IV with the President of Nicaragua's Central Bank

Published: Thu 6 Nov 2008 02:50 PM
Coping with the failed free market: Interview with the President of Nicaragua's Central Bank
Interviewed by Tortilla con Sal in mid-October this year, the president of Nicaragua's Central Bank, Dr. Antenor Rosales spoke about the effects of the international financial crisis on Nicaragua and the region. In this abridged version of the interview, Dr. Rosales explains some of the challenges he and his colleagues face in order to keep prices stable, which is the main remit of the Central Bank in Nicaragua. The interview offers an interesting portrait of a senior official in a revolutionary government working for change to benefit the majority, but faced with an opposition majority in the country's legislature. That adverse national context is now compounded by a damaging and uncertain international context.
TcS : One of the issues that has been distorted a lot by people who criticise the government has been inflation. In the first part of the year inflation seemed as if it would take off out of control. But you and your colleagues managed to get a grip on it. Can you comment on the outlook for inflation in Nicaragua and the region now?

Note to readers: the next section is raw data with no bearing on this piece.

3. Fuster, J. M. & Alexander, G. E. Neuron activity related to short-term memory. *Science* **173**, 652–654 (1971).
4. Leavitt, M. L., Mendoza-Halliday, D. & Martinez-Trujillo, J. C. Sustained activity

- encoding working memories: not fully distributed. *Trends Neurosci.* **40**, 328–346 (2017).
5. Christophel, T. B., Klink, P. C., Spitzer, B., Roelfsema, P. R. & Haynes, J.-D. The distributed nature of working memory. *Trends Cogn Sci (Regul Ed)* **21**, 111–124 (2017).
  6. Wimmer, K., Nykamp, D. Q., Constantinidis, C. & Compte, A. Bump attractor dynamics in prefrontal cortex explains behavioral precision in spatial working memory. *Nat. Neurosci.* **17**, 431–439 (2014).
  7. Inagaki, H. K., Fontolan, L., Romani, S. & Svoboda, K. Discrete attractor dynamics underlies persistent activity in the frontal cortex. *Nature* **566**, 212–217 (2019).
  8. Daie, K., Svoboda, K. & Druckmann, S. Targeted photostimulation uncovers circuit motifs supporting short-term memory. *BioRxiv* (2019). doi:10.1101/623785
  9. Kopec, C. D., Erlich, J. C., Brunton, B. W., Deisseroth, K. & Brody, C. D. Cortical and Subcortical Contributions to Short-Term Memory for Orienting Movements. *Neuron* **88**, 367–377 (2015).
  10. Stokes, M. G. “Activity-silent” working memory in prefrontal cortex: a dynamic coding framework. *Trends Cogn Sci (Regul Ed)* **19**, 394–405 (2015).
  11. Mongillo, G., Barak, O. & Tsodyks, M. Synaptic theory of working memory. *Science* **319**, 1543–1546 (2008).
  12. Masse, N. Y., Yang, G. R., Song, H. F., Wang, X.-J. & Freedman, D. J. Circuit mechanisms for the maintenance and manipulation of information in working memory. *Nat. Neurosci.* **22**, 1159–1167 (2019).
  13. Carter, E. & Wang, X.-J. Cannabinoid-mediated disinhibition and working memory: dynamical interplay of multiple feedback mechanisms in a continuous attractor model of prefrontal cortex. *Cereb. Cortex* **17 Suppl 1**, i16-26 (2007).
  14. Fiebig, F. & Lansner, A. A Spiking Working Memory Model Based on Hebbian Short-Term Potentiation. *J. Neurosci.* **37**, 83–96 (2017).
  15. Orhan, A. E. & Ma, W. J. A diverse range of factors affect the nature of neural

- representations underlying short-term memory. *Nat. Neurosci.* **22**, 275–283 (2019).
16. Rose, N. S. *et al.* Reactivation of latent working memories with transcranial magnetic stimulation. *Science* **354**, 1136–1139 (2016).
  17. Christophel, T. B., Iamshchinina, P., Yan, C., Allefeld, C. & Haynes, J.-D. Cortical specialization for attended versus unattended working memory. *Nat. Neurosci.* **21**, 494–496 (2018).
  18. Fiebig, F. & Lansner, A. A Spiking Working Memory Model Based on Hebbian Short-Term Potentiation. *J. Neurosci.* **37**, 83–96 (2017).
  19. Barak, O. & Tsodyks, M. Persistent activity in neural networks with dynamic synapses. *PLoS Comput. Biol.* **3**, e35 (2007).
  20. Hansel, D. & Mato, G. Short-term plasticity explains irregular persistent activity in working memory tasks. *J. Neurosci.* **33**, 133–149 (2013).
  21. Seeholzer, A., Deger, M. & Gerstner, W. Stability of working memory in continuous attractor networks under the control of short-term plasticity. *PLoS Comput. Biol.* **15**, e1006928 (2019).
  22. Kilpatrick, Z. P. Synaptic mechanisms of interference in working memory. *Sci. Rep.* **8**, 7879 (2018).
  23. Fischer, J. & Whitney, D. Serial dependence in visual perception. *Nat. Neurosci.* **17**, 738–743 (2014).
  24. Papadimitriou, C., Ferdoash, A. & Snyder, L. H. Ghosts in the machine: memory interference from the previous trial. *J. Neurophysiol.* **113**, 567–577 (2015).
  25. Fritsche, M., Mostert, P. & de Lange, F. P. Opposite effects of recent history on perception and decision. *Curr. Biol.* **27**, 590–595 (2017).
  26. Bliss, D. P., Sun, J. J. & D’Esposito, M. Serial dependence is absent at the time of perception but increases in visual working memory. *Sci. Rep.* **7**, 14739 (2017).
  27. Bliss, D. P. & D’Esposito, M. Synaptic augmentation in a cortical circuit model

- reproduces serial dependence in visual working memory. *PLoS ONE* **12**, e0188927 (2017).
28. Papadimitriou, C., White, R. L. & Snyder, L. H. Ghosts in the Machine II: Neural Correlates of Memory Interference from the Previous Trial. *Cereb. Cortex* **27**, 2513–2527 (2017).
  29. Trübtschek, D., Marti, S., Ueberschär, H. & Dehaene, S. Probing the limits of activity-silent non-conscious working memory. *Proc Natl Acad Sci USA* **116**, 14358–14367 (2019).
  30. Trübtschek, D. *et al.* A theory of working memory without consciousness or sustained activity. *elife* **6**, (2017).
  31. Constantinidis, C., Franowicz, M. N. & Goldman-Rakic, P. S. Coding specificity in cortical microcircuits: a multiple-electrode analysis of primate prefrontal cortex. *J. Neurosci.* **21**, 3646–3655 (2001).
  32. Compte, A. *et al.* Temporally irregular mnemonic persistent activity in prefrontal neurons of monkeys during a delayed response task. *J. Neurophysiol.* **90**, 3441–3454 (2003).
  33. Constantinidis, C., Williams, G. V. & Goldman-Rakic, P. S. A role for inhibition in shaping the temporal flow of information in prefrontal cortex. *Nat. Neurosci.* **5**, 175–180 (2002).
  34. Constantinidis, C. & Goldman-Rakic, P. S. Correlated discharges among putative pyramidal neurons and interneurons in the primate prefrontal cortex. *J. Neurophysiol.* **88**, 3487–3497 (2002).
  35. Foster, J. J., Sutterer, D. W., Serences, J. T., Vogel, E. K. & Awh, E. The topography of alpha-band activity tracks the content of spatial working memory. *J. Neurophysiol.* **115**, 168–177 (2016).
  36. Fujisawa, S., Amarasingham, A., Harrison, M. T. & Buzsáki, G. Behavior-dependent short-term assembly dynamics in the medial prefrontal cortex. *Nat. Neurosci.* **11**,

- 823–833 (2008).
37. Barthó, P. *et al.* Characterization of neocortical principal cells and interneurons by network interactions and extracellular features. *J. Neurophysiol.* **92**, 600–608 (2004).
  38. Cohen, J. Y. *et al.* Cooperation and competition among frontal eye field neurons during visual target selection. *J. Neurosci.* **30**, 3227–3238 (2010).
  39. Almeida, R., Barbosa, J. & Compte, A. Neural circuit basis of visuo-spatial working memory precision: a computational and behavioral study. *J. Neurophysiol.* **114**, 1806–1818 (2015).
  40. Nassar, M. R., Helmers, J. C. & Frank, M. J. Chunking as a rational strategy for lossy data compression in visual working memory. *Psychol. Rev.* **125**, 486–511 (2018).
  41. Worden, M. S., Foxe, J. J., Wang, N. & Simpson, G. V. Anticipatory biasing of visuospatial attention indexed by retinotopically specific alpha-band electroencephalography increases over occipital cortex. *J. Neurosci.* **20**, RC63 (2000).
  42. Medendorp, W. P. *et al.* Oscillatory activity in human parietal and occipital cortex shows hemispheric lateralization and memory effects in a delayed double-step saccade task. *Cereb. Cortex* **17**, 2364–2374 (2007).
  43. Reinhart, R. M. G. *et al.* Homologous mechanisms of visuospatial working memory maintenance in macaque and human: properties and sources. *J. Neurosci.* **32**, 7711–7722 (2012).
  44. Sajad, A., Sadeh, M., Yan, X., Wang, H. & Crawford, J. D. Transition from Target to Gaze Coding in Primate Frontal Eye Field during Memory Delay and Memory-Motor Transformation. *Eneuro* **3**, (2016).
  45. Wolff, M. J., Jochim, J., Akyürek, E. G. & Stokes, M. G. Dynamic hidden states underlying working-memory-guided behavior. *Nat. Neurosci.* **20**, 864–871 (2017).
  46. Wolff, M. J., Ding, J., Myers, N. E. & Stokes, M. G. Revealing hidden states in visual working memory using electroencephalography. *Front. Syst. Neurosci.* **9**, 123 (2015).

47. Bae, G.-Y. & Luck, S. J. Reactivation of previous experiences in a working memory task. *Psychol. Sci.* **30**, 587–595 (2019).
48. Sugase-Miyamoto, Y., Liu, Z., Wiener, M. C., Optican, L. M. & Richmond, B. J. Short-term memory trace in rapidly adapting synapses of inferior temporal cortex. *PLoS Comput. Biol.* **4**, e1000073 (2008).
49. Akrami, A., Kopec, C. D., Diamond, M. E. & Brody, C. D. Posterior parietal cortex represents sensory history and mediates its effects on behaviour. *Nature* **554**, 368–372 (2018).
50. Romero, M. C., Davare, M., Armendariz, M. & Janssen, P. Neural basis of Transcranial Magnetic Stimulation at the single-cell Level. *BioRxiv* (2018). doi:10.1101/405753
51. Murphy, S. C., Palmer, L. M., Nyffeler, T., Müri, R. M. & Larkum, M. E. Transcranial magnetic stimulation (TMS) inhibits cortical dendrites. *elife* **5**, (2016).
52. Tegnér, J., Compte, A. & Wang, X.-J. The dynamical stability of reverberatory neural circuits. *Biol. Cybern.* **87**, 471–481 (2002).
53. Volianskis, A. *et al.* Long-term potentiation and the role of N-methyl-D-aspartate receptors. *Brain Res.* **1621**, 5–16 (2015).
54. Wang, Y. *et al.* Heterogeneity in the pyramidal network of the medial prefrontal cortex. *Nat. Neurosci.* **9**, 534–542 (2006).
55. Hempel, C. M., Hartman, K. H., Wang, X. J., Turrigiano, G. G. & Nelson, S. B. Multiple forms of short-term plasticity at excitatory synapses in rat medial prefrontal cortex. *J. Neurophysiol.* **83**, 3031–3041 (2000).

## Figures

AR : Sure. The phenomenon of inflation, now, this year is a phenomenon that has hit the entire world. It's not just something relevant to some regional or national reality, as has been the historical experience of economic studies carried out of that phenomenon. In the US, in Canada, in Mexico, in South America, in Europe especially, in Asia too, in China for example, the levels of inflation reached in 2008 have been truly surprising.
At the beginning of the year we fixed a target that we had to change during discussions with the International Monetary fund (IMF) because in fact the basic function of the Central Bank is to maintain price stability. So for that reason with other government bodies we worked on an anti-inflation plan that might allow us to control inflation from shooting up to higher levels than we had, say, last year.